Wednesday, December 2, 2009
Excerpt from "A Journalista's Journey"
MANY OF YOU MAY OR MAY NOT KNOW THAT I'M CURRENTLY PENNING A BOOK. TWO ACTUALLY. ONE IS A FICTIONAL LOVE STORY. THE OTHER IS ABOUT MY JOURNEY AS A JOURNALIST. IT'S TENTATIVELY TITLED, "A JOURNALISTA'S JOURNEY" IT'S BASED ON MY EXPERIENCES AS A REPORTER, AND CHRONICLES MY LIFE SO FAR AS A BROADCASTER. SOME OF YOU EXPRESSED INTEREST IN READING IT, IF I EVER FINISH THE DARN THING (LOL), BUT FEEDBACK IS ALWAYS IMPORTANT. I AM ABOUT 60 PAGES INTO IT, AND WHILE I DON'T HAVE AN IDEA OF HOW LONG IT'LL BE, I AM STUCK. THAT HAPPENS A LOT TO WRITERS. SO I NEED SOME INSPIRATION. HONEST FEEDBACK PLEASE! YOUR SUPPORT MEANS A LOT. I'VE READ A LOT OF BOOKS WRITTEN BY JOURNALISTS. ALL OF THEM HAVE SOMETHING TO OFFER, AND I LEARNED A LOT. HOWEVER, I CAN'T SAY THAT I AM AS ELOQUENT OF A WRITER---OR MAYBE THAT'S NOT IT. I JUST WANT IT TO BE RAW. SO I'VE INCLUDED AN EXCERPT FROM MY BOOK. CHAPTER 19 ACTUALLY...
*LET ME KNOW WHAT YOU THINK*
It’s another Sunday. There are a lot of those. Days where I sit and reflect. And it’s tough not to, sitting on this plane. I’m flying back to Salt Lake City from visiting my family in California. I try to go as often as I can. Nobody tells you how badly you’ll miss your family when pursuing a career in television news. I guess it should have been common sense. I remember one of my mentors, Ken Wayne who currently works for KTVU Ch. 2 (Fox, San Francisco market) telling me that I’d have to move for my first job, warning me that it could take years before I get the opportunity to come back to California, where I consider home.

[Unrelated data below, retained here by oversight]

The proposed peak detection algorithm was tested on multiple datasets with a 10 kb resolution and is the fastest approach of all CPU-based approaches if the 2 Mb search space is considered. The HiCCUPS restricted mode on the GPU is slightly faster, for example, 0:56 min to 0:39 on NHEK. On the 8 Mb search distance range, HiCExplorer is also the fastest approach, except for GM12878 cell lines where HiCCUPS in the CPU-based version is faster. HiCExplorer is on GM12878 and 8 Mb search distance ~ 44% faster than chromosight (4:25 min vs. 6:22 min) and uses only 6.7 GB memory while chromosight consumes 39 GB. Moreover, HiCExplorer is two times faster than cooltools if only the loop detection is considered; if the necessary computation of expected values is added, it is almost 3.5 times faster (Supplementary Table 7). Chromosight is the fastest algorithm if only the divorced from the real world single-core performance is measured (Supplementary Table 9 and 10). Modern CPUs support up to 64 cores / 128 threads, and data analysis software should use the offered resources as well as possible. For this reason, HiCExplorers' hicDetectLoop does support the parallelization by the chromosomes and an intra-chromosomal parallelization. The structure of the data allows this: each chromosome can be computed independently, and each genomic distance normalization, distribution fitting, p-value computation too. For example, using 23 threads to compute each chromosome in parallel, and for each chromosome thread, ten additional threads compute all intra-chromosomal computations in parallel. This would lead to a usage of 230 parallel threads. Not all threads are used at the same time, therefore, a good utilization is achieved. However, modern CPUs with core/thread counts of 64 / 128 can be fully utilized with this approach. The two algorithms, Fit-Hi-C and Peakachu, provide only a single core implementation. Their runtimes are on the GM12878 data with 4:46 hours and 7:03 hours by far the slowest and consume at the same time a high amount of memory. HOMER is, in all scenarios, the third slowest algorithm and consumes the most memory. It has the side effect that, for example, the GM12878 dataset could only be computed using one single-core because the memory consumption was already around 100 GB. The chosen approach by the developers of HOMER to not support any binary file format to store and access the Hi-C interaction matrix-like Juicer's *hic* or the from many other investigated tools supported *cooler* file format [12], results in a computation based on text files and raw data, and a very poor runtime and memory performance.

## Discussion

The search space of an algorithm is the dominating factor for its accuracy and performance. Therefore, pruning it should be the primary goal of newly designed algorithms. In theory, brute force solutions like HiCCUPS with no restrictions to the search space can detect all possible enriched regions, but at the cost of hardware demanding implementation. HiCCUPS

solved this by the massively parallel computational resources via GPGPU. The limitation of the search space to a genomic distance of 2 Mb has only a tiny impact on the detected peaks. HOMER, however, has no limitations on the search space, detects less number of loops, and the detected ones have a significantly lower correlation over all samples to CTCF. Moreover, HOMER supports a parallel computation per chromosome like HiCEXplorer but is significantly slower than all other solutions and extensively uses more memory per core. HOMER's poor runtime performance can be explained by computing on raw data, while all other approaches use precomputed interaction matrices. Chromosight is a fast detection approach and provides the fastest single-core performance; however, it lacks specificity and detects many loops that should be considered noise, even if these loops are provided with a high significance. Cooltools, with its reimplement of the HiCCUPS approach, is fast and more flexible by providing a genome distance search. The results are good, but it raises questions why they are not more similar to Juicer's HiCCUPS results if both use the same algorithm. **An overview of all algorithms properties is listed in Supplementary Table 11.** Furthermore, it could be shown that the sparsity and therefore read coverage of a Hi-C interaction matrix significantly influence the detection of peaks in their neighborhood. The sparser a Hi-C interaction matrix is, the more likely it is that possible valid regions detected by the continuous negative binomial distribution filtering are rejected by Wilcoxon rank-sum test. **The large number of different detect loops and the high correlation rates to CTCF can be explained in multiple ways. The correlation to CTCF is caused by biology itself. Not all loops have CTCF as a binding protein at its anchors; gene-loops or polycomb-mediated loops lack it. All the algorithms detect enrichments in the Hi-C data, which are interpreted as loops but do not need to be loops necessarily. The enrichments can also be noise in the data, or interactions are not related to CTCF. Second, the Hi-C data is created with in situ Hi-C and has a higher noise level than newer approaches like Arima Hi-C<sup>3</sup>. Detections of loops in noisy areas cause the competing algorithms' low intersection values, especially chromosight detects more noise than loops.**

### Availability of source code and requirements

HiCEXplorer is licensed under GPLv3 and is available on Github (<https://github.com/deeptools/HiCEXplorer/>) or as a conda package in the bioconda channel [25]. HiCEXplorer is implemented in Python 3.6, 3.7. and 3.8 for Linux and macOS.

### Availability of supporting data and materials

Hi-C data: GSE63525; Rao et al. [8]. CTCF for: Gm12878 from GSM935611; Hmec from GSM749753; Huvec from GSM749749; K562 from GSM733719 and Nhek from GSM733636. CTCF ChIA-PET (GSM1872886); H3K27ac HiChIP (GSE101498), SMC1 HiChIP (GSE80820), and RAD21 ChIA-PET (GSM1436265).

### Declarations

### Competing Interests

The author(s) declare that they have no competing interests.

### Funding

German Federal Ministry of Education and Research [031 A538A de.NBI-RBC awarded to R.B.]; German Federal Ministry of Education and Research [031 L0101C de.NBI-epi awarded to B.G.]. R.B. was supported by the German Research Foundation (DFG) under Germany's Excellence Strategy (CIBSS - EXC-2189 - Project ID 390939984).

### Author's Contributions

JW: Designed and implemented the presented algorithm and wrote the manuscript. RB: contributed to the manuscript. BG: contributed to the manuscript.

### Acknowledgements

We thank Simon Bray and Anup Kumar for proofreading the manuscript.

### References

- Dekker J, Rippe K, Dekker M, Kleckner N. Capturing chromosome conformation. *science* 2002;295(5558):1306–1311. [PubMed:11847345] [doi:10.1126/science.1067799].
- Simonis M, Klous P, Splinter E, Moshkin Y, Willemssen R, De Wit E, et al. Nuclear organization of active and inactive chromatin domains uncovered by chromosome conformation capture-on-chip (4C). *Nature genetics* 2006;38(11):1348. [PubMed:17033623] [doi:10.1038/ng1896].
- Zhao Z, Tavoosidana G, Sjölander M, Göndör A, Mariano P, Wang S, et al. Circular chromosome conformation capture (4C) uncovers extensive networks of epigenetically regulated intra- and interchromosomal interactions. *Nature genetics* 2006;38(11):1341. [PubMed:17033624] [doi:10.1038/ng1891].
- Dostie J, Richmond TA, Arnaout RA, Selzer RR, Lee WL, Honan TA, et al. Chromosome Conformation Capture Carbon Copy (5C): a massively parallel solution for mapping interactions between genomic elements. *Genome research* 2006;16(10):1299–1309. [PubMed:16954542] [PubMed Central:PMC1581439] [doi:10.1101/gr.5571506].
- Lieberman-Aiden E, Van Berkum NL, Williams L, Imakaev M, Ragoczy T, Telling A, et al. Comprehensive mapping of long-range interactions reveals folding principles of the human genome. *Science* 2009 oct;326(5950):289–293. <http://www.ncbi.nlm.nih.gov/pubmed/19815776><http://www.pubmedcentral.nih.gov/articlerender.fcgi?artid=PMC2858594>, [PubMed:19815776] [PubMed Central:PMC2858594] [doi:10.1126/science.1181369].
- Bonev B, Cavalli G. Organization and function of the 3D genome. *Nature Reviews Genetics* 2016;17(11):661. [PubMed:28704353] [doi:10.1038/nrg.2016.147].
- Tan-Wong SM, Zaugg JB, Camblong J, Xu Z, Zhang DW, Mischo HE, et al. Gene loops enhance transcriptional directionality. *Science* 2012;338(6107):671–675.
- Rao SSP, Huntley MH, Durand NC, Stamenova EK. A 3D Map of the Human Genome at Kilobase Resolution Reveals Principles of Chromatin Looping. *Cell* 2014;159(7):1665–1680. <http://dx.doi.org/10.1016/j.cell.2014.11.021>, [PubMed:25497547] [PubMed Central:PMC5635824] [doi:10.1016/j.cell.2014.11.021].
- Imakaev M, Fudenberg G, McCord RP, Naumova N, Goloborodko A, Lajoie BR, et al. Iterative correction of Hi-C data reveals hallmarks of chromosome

“I know that,” I said.
What I didn’t know was just how desolate of a city I would end up in. It’s what some describe as the armpit of the country. I know; it’s not politically correct but I figured since I heard this terminology used more than once during my two year stint there, there was something to it. It is better known, or more popularly referred to as a city where snowbirds flock to during winter months. Today, it has one of the highest unemployment rates in the country, although I don’t how accurate that is considering it is nowhere near being one of the biggest cities in the country. In fact, it is what I consider a small city. A place where everyone knows everyone and nobody goes unnoticed. A place where you could quickly become a big fish in a small pond. The truth is I had never heard of Yuma before I moved there. I knew where to find Arizona on a map, but Yuma was not part of my geography class.
Anyway. Being on this flight makes me appreciate how convenient living in Salt Lake City is, compared to Yuma that is. It’s all relative. Flying home from little ole Yuma was an all-day event sometimes. And sitting in a jumper plane that felt like it was going to crash was always so nerve wracking. I limited my trips home, convinced that the odds would someday work against me. Small planes almost always crash, or so it seems. Working as a reporter in Utah has convinced me of that.